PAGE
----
Science and Technology

Daniel Castellano / Flickr

 

On this week’s show, we’ll explore what's in our food, and hear from the director of a documentary that looks at the difficult choices involved with legalized, physician assisted suicide.

Jessica Naudziunas / Harvest Public Media

Pick up your favorite packaged food and read the ingredient list.

If you stumbled over any of the words or a color jumped out at you, you might be looking at what’s known as a food additive.  

Full Frame Documentary Film Festival / Flickr

The film How to Die in Oregon, follows several terminally ill patients as they undertake the difficult decision to end their lives under the state’s controversial Death with Dignity Act.

 Former University of Missouri running back Derrick Washington has pleaded guilty to a misdemeanor charge of domestic assault against an ex-girlfriend.

Bill Bumgarner / flikr

Boone County and the City of Columbia are using a grant from the Environmental Protection Agency to study storm-water runoff into Bear Creek, north of I-70. A task force will focus on reducing pollutants, which flow directly into the creek, untreated.  

Melanie Cheney / Flickr

On February 2, the non-profit organization Missouri River Relief will host the Wild and Scenic film festival at the Blue Note in Columbia. Festival-goers can expect to see a variety of environmental and adventure films. One of those films, Big Muddy Clean Sweep, documents the organization’s trek across the state, cleaning the Missouri River aboard a barge.

Steve Schnarr is the program manager for Missouri River relief. We spoke to him about what it was like traveling across the state, his own connection to the Missouri River and what people could expect at the festival.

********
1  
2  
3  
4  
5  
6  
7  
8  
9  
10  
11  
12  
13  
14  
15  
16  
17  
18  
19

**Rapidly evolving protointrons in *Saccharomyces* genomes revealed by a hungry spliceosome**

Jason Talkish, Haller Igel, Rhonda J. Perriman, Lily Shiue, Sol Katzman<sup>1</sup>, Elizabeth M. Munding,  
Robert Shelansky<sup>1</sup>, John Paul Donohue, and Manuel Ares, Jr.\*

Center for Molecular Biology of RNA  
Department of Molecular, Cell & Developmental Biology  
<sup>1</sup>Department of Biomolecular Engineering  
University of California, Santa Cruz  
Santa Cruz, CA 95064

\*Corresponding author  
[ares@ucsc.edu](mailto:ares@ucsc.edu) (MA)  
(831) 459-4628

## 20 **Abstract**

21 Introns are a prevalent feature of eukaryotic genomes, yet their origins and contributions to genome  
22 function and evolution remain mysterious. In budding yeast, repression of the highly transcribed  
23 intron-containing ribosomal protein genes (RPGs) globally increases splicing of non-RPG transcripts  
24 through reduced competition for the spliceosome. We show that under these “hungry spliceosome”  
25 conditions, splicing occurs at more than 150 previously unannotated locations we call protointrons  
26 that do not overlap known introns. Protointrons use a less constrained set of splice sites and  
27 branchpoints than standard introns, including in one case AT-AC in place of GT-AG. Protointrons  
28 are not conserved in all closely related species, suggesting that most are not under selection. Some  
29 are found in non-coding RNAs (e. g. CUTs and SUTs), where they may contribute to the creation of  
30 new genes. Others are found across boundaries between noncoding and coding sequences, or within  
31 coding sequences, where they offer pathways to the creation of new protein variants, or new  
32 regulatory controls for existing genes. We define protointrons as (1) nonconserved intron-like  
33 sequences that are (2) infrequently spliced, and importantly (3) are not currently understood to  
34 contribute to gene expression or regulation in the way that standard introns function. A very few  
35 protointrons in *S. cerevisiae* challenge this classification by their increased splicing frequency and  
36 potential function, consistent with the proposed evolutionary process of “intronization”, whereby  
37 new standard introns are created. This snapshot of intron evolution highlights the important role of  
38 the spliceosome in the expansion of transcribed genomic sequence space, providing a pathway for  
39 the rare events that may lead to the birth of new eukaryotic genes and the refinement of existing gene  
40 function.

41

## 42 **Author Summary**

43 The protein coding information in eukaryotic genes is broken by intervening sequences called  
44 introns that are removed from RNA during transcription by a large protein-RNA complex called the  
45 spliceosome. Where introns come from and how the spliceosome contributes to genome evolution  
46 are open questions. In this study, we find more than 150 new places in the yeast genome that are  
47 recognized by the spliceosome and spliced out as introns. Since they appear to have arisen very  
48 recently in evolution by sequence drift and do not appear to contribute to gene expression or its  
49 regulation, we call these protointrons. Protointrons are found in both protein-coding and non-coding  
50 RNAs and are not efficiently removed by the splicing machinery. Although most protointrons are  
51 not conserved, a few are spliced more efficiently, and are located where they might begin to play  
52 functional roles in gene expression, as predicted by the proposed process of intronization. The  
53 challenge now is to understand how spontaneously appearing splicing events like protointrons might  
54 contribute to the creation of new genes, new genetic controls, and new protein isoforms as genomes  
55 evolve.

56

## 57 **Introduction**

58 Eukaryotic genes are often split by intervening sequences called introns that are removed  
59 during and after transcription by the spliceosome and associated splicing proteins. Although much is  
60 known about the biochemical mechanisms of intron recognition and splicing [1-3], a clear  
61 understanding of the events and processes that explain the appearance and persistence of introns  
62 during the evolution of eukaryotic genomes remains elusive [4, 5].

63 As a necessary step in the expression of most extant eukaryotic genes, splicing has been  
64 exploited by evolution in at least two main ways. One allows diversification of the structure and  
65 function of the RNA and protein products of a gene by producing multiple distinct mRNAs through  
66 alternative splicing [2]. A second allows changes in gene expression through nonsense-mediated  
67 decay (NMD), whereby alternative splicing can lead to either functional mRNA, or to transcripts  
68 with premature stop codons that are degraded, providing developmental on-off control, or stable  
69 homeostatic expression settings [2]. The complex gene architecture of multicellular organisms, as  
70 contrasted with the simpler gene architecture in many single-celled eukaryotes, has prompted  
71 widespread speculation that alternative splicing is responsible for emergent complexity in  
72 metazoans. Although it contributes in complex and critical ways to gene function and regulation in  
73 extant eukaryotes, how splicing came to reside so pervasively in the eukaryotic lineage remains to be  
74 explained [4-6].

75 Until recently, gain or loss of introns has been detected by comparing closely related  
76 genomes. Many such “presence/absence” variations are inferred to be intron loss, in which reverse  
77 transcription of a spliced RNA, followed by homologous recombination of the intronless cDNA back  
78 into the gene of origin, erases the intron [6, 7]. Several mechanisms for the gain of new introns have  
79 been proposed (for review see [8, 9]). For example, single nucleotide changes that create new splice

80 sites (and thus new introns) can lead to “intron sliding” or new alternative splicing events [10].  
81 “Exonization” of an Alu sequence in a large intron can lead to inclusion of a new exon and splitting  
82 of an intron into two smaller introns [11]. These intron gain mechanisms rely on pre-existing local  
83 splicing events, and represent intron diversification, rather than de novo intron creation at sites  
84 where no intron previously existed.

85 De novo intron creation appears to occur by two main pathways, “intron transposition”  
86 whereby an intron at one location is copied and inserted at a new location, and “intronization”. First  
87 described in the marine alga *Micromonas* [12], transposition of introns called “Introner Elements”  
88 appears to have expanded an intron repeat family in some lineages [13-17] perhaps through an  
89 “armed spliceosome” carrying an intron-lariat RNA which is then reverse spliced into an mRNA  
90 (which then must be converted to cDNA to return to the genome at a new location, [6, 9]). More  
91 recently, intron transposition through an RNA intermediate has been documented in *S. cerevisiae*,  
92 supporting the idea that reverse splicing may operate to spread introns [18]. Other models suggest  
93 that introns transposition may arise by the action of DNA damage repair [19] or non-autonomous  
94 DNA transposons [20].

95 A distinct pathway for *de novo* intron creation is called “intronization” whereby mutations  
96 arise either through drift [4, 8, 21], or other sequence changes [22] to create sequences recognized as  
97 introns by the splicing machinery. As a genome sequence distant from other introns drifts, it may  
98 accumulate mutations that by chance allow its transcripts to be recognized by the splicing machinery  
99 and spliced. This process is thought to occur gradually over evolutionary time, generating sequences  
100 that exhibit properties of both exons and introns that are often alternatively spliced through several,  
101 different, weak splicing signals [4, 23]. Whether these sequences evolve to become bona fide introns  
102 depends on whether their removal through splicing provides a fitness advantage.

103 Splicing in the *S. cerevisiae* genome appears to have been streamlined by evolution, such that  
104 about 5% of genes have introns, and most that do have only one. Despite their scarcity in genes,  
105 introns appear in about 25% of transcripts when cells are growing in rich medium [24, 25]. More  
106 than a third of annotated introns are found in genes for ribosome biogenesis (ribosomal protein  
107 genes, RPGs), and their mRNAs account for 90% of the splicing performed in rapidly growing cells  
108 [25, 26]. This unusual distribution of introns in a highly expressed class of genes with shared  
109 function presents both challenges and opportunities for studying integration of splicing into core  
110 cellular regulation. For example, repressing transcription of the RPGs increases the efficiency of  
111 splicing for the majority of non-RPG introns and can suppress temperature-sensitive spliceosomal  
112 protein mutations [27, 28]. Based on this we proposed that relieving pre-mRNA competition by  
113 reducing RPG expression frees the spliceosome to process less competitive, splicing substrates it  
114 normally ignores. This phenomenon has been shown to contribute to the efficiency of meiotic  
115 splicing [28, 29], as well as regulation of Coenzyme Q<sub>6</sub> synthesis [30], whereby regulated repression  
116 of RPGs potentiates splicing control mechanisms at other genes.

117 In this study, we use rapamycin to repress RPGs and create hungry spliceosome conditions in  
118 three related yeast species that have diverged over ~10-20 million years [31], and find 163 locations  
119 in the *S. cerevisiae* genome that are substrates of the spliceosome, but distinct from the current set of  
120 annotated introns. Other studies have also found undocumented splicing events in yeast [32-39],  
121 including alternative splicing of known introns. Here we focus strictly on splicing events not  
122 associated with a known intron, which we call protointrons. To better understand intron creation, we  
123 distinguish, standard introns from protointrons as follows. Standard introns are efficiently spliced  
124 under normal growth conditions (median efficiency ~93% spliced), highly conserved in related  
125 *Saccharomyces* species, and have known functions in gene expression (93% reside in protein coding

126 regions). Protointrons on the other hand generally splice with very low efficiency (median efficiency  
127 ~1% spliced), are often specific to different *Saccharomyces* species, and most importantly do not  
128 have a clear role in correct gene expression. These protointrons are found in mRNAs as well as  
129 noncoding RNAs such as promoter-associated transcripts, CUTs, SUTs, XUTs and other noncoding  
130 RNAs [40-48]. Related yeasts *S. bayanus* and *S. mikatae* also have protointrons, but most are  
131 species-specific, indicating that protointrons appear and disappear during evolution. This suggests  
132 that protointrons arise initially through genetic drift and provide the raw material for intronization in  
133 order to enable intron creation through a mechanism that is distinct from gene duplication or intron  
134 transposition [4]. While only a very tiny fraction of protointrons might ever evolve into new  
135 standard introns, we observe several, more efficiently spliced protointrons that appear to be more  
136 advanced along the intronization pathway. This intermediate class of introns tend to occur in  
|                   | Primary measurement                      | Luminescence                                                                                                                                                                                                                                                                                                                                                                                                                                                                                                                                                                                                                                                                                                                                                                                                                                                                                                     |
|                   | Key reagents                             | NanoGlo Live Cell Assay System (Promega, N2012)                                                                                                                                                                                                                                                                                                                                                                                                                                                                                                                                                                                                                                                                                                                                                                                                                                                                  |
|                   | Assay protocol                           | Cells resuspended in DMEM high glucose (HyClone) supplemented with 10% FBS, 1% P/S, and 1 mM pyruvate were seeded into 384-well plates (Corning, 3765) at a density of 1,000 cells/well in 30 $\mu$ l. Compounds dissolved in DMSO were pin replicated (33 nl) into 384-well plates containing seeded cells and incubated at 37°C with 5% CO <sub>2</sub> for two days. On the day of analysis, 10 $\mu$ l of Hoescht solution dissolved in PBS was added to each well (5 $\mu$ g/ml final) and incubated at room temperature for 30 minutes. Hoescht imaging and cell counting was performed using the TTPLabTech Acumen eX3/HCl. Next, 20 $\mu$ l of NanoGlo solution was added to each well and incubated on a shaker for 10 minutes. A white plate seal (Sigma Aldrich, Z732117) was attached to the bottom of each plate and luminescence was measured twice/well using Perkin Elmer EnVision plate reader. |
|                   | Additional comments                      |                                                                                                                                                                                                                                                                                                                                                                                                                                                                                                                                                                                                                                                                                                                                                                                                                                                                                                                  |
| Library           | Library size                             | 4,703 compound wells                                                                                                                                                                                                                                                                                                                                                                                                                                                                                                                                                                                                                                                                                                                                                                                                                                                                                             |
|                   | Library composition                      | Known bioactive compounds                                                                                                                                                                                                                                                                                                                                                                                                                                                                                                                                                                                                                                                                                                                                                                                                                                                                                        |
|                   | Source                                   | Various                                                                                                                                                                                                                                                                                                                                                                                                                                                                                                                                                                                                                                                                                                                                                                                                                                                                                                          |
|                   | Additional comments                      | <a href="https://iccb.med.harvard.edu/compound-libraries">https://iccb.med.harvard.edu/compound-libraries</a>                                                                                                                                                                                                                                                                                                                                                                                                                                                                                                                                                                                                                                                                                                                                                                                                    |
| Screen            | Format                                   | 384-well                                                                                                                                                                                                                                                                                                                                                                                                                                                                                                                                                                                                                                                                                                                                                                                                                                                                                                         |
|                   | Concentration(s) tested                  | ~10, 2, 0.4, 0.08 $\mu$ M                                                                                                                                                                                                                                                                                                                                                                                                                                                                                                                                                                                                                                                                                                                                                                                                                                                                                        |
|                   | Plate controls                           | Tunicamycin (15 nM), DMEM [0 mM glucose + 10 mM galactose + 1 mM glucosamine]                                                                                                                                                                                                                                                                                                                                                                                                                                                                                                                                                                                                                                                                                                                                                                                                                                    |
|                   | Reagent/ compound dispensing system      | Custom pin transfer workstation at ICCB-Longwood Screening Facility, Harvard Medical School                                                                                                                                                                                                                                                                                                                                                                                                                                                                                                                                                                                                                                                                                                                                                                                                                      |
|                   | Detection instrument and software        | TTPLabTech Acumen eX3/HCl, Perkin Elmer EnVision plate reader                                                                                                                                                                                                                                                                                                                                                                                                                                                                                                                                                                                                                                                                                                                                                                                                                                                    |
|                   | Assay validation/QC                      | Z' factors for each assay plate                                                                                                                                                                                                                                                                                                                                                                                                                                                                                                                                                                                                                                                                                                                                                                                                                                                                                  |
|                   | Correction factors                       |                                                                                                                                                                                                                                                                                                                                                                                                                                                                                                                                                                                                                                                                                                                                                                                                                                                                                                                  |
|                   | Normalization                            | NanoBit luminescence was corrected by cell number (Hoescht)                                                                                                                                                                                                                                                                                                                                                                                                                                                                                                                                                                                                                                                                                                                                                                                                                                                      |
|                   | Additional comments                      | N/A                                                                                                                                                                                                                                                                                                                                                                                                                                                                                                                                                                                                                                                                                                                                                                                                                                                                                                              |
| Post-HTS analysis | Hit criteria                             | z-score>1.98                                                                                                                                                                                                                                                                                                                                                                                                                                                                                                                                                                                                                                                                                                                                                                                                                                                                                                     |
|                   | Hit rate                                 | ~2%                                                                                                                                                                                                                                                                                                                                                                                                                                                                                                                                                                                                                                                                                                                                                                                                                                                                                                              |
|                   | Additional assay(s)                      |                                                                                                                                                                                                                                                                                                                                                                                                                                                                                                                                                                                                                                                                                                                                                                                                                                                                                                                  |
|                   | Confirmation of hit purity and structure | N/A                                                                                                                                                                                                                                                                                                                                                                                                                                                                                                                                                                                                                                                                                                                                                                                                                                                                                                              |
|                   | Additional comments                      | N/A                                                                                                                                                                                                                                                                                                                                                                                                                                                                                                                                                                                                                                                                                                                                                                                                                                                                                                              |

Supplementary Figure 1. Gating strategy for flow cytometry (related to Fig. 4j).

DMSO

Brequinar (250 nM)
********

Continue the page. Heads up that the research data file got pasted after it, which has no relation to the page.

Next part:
On food and phones

Feb 2, 2012
Kris Krüg / Flickr

 

On the show this week, we’ll revisit a report that tests the iPhone 4s’s ability to recognize accents, and hear from author Michael Pollan.

Photo by Ken Light

Michael Pollan considers himself a writer, a professor and eater.  

Recruiting doctors to live and work in rural America is a chronic problem. Most health centers try to attract workers with big salaries and expensive homes.

Shots previously reported that one center in Maine was trying to lure medical students to the countryside for their final two years with the hope that they stick around.

Jacob Fenston / KBIA

Ever since Mormon prophet and founder Joseph Smith revealed the Book of Mormon in 1830, his followers have struggled for acceptance. If you want to understand the "why" behind this rocky relationship, the rolling farmland of northwest Missouri might be the best place to start -- the birthplace of the human race, according to Joseph Smith, and the place where Christ will first step down in the second coming. 

zensmom1 / Flickr

Demolition has begun on a Joplin hospital that took a direct hit from a deadly May 22nd tornado.

The Joplin Globe reported that about 1,000 people turned out Sunday for a ceremony at the shell of the once-bustling St. John's Mercy Hospital. Speakers talked about the history of the hospital before a wrecking ball ceremonially smacked the side of the building a few times. From there, the crowd went to a groundbreaking ceremony for the new structure. It is being built at a site three miles away.

woodleywonderworks / Flickr

This week on the show, we explore gender differences in math achievement and performance.

foodpolitics.com

In this extended interview with food and nutrition writer Marion Nestle, we discuss Michelle Obama's anti-childhood obesity campaign, what food companies are doing to fight it, and how to get kids to eat their broccoli.

Two years ago, a massive earthquake decimated Haiti.

Jennifer Moore / KSMU

 

This week on the show: do you know what's living in your firewood? Plus, new cultivars could change Missouri's wine industry.

File photo / KBIA

A new report by the American Lung Association gives Missouri failing grades on all its state tobacco control policies. As St. Louis Public Radio's Véronique LaCapra reports, the only bright spots were an expansion of state Medicaid coverage for smokers wanting to quit, and a surge in local community initiatives.